Pelosi: Gun victims 'paying the price for our inaction'

House Minority Leader Nancy PelosiNancy Patricia D'Alesandro PelosiSinema, Fitzpatrick call for long-term extension of Violence Against Women Act Internal RNC poll shows Pelosi is more popular than Trump: report Indicted lawmaker angers GOP with decision to run for reelection MORE (D-Calif.) charged Thursday that Congress is complicit in the nation’s gun violence epidemic following the latest mass shooting.

Pelosi denounced Republicans' refusal to consider new limits on firearms a day after a gunman opened fire at a high school in Florida, killing 17 students and faculty while wounding more than a dozen others.

Characterizing the carnage as “useless, preventable violence,” the Democratic leader accused Republicans of cowing to the powerful gun lobby at the expense of public safety. 

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“It’s an assault on our whole country, and they are paying the price for our inaction,” Pelosi said in the Capitol. “Whose political survival, in this body, is more important than the survival of our children? … Whose political survival is more important than that?" 

“Nobody’s,” she said. “Nobody’s.”

Pelosi called on Speaker Paul RyanPaul Davis RyanHow does the 25th Amendment work? Sinema, Fitzpatrick call for long-term extension of Violence Against Women Act GOP super PAC drops .5 million on Nevada ad campaign MORE (R-Wis.) and Republicans to take a variety of steps following the latest mass shooting, including considering legislation to expand background checks and empowering researchers to use federal dollars to examine the public health aspects of gun violence.

She also called for the creation of a special committee to address gun violence, noting that Republicans have used such committees in the past to examine Planned Parenthood and the 2012 terrorist attacks on a U.S. consulate in Benghazi, Libya.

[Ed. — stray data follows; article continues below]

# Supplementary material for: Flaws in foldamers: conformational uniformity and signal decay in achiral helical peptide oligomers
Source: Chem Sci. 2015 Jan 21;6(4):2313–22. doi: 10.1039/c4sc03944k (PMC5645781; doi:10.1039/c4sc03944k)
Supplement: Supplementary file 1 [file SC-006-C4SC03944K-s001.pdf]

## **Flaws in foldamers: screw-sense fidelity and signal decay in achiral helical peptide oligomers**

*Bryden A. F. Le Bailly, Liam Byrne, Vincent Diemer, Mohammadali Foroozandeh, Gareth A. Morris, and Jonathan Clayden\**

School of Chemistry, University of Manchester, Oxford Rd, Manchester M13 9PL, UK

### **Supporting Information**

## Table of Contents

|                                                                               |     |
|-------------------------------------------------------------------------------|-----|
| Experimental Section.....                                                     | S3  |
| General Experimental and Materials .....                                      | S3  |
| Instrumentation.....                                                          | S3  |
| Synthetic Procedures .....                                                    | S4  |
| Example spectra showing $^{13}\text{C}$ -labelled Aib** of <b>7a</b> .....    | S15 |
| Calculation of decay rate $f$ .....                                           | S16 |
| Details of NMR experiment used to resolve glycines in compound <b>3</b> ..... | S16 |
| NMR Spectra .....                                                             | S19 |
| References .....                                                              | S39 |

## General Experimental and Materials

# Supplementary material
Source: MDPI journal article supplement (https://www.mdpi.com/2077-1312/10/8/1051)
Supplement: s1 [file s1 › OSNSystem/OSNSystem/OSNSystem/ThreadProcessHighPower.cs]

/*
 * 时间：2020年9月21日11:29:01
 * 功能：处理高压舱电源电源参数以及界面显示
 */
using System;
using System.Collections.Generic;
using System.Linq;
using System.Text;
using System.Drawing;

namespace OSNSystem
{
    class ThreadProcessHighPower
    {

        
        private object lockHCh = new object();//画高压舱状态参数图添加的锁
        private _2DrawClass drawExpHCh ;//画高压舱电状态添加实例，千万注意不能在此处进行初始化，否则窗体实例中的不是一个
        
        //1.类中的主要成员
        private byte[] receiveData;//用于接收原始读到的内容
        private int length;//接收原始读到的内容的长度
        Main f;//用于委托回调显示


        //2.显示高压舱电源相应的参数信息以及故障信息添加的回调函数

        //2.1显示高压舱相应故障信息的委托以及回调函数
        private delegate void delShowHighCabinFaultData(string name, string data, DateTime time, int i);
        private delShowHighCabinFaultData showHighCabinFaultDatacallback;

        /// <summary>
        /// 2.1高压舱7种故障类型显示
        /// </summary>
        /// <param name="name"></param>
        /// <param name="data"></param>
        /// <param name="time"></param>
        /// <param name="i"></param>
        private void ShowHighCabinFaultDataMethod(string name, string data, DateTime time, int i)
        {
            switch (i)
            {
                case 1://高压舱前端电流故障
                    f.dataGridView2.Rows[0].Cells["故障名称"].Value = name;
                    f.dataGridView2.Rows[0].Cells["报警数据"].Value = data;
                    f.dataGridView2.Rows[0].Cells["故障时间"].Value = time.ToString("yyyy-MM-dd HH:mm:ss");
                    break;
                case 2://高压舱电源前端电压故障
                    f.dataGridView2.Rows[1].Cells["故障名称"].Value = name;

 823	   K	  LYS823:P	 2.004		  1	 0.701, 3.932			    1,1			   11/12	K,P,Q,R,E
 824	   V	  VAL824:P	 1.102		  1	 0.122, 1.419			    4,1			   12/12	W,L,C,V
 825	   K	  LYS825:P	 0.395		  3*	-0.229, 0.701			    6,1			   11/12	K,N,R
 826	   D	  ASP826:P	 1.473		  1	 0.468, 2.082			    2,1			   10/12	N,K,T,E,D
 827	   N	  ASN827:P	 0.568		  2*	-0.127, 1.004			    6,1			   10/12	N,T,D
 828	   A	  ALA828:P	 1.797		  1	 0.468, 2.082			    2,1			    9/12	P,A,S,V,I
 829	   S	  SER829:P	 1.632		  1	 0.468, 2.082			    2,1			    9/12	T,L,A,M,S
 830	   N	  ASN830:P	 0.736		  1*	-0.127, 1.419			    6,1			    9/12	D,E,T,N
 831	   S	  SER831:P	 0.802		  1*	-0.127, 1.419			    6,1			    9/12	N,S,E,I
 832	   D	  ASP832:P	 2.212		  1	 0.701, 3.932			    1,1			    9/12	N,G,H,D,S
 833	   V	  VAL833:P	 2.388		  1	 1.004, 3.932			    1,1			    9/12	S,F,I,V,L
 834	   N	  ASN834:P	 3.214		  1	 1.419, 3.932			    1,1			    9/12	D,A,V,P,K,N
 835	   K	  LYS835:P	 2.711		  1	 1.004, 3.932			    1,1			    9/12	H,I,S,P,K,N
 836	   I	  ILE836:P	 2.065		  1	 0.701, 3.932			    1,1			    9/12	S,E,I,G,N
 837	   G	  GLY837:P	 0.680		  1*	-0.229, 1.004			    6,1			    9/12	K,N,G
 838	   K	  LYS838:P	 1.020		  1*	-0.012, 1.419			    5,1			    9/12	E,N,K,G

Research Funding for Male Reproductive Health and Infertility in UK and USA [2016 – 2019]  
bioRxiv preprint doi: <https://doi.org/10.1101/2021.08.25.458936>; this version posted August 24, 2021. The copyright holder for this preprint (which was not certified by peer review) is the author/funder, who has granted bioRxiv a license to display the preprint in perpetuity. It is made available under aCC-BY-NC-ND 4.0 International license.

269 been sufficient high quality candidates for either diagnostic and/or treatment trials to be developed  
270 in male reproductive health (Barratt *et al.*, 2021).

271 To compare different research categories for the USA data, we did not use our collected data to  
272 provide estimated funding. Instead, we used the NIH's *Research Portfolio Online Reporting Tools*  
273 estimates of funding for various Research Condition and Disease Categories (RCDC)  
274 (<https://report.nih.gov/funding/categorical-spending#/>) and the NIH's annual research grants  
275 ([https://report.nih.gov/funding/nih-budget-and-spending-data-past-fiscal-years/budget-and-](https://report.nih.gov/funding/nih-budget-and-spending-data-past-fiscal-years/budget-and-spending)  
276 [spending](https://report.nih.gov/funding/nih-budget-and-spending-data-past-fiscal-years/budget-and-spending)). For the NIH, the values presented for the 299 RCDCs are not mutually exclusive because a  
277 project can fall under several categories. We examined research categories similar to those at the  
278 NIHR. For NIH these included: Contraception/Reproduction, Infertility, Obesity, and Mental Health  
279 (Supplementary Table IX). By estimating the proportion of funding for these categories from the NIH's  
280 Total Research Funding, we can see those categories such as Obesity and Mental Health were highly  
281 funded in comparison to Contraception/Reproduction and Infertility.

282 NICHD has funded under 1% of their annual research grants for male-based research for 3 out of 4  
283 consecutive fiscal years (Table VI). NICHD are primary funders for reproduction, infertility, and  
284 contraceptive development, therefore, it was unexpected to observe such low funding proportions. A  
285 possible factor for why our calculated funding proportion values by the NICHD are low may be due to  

“Any excuse will do,” Pelosi said of the GOP select committees, “except a serious reason like studying the gun-violence prevention issue.”

Ryan, appearing at the same podium just minutes after Pelosi, quickly shot down her requests, shifting the discussion to the topic of mental health.

“We want to make sure that if someone is in the mental health system, they don’t get a gun if they are not supposed to get a gun,” Ryan said. 

Ryan pointed to legislation passed in 2016 that was designed to bolster the nation’s mental health programs — a law cast by Republicans as the proper response to gun violence. Ryan suggested the legislation still needs time to ripen amid continued instances of mass shootings around the country.

“That legislation is now just taking place,” he maintained. “The question is: are those laws where they need to be, are they being implemented properly, are they being enforced correctly?”

Democrats have rejected the notion that gun violence is solely a mental health issue, arguing that guns are simply too easy to purchase because of lax federal laws. They’re also accusing Republicans of undermining the mental health system by underfunding it.